The Chemistry Book: From Gunpowder to Graphene, 250 Milestones in the History of Chemistry (Sterling Milestones) (英語) ハードカバー – 2016/2/9
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From atoms and fluorescent pigments to sulfa drug synthesis and buckyballs, this lush and authoritative chronology presents 250 milestones in the world of chemistry. As the -central science- that bridges biology and physics, chemistry plays an important role in countless medical and technological advances. Covering entertaining stories and unexpected applications, chemist and journalist Derek B. Lowe traces the most important--and surprising--chemical discoveries.
Since 1989, chemist Derek B. Lowe, has worked for several major pharmaceutical companies on drug discovery projects against schizophrenia, Alzheimer's, diabetes, cancer, and other diseases. After receiving his PhD in chemistry from Duke University, he was awarded a Humboldt fellowship to do postdoctoral research in Germany and has since handled almost 50 elements of the Periodic table. His columns on organic and medicinal chemistry are featured in the Royal Society of Chemistry journal Chemistry World, and he has served on the advisory board for Chemical & Engineering News. Having written daily for the popular -In the Pipeline- blog (pipeline.corante.com) for over 12 years, Lowe is also a science blog pioneer with 6,000-plus Twitter followers. He lives in MA.
In this book chemist and blogger Derek Lowe shows us the reach, relevance and beauty of the central science through a series of two hundred and fifty milestones. Lowe does a very good job of capturing the intrinsic diversity of chemistry. The entries in this encyclopedia range from the utterly mundane but utterly indispensable (soap making, the bronze age, porcelain, modern drug discovery), to the exotic (at least for non-chemists - MALDI, Viking Steel, polywater, Nozaki coupling) to the historical (Boyle's 'The Skeptical Chymist', Bauer's tome on metal smelting, "De Re Metallica").
The cast of characters here is mouth-watering. The ordinary and yet immensely important everyday implements and protocols of the laboratory (Soxhlet extractor, separatory funnel, glove boxes, Erlenmeyer flask) get ample mention, as do important instrumental techniques (mass spectrometry, x-ray crystallography). Theoretical and historically important chemical concepts (ideal gas law, structural formulas, Dalton's atomic theory, hydrogen bonding) also get a nod. The former showcase the fact that the greatest revolutions in chemistry have been enabled by tools; the latter showcase the great ideas which illuminated the world discovered by these tools.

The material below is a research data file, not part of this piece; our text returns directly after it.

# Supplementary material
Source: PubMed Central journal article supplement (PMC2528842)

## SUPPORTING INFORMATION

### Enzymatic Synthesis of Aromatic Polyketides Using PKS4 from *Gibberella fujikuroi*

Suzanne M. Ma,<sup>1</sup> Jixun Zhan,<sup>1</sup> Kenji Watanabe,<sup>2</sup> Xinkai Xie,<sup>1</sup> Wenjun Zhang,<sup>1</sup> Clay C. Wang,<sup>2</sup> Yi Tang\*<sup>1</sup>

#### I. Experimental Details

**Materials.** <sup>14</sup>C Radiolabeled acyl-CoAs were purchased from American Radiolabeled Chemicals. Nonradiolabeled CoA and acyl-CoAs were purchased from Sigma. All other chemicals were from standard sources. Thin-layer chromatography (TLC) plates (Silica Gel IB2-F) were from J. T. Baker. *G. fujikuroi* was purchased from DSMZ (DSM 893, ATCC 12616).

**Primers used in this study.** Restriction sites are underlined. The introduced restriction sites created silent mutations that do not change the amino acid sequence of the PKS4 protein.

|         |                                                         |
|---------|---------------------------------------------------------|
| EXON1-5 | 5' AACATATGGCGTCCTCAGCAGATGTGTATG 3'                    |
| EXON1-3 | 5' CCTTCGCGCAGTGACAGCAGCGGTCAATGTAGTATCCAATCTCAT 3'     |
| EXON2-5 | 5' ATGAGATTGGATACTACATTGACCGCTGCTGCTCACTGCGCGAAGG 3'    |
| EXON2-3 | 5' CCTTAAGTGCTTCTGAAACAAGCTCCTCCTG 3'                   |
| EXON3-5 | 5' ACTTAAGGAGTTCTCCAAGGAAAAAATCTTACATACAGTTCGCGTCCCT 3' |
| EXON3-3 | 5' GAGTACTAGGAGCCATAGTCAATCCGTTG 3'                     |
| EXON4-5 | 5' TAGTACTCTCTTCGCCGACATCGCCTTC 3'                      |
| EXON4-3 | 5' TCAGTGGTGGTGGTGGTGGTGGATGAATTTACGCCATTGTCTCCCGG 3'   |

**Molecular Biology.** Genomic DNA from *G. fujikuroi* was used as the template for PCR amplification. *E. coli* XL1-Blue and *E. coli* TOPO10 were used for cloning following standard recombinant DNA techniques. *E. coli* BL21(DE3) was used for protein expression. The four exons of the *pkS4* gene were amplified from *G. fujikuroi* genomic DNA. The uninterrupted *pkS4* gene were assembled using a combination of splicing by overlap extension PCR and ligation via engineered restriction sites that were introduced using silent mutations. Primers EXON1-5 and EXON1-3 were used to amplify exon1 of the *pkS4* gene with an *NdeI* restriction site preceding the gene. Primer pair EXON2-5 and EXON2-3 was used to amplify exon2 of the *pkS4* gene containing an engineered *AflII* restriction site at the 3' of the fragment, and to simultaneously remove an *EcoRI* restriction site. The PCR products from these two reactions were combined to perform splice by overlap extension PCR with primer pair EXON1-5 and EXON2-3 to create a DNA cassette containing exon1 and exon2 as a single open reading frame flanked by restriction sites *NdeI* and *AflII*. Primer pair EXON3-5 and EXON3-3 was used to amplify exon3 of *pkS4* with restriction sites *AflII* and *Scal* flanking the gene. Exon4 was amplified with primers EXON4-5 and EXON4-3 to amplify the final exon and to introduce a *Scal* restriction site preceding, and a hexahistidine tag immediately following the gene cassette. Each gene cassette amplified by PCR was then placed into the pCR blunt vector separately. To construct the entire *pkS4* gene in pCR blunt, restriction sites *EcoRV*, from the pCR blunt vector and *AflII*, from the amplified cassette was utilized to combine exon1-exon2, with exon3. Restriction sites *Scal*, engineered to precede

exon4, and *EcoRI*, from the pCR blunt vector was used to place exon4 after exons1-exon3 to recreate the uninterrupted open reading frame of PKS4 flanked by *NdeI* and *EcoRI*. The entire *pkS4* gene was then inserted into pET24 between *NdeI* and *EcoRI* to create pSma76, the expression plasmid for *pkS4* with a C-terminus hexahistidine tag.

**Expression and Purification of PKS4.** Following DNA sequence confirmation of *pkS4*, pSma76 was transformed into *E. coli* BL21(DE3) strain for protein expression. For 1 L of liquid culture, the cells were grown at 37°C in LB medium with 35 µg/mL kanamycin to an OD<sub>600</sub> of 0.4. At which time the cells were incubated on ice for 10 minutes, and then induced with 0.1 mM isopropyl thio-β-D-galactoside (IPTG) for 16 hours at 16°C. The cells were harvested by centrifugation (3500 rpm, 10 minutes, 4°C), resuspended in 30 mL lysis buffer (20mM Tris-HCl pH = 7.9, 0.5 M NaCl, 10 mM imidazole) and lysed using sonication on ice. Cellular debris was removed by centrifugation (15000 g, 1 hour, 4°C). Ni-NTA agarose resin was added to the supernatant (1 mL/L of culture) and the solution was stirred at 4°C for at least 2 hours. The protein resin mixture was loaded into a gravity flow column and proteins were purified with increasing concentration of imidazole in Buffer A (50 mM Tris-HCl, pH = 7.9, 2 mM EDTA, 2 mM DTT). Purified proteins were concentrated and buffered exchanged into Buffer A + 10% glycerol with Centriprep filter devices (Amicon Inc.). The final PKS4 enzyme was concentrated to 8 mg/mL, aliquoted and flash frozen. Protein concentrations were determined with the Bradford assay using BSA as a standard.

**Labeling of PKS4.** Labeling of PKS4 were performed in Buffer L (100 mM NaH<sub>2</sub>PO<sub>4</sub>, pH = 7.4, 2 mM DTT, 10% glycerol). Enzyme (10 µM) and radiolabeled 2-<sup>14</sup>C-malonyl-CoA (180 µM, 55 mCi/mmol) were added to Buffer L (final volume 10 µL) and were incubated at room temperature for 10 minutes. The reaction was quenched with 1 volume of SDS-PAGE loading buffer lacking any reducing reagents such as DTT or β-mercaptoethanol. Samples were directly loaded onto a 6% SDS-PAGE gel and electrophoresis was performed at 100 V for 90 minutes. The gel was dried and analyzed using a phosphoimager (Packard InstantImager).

Lowe also devotes adequate space to the palpable beauty and joy of common chemical compounds and elements - Perkin's mauve, bakelite, teflon, polyethylene, technitium. Much of chemistry is about stunning colors, smells and sounds, and Lowe spares no effort in illustrating these marvels of the chemical world; the colorful side of chemistry is also one that lends itself well to the lavishly illustrated photographs typical of this series of books. Key chemical reactions used by organic chemists to synthesize the molecules that lie at the heart of the central science (Birch reduction, Merrifield synthesis, Ziegler-Natta calaysis) are scattered like signposts in these pages. The substances that these reactions produce - penicillin, sulfuric acid, the Pill, borosilicate glass - turn out to be crucial ingredients of our modern way of life. However the book also explores the ugly side of chemistry. Like any other science chemistry is Janus faced, and the same exploration of matter which gave us penicillin also gave us nitroglycerin, nerve gas and carbon dioxide. The unseemly manifestations of chemistry in the hands of unreliable human beings are investigated through entries describing the Bhopal Disaster, the Donora Death Fog, chemical warfare and the thalidomide tragedy. This list of entries makes it clear that the same science that can reveal and charm can also kill and maim.
Which one of these aspects we embrace is up to us. As we decide, this diverse collection of key concepts, techniques, elements, and history will hopefully drive home the deep relationship, inherent beauty and immense practical significance that the world of chemical science presents. A world without chemistry would look dramatically different and impoverished from the world we inhabit, and this listing shows us how. It's a worthy addition to the series and to science libraries in general.
"The Chemistry Book" is an excellent source for information about the science of chemistry. The format of the book is quite intriguing. There are 250 one page essays accompanied by a full page related drawing or photograph. The pages follow a chronological history of concepts, discoveries and methodology directly related to chemistry.
I would assume that this book would be an useful addition to a high school library or a helpful text for an AP chemistry student.
This is a distinctive book in many respects. It is not a text book yet assumes a "reasonable" knowledge of chemistry. Reasonable being a strong familiarity with the basic terminology and concepts of the subject.
This retired reader has no formal chemistry training but an abiding curiosity about the subject. Having the time and inclination I read through the entire book several pages per day. I came away with a deep appreciation of this science and the persistence of its practitioners. Learning how mankind has strived over several thousand years to unravel chemical mysteries was very inspiring.
The author has an engaging writing style and an obvious enthusiasm for his field. Quite accessible
for the lay reader.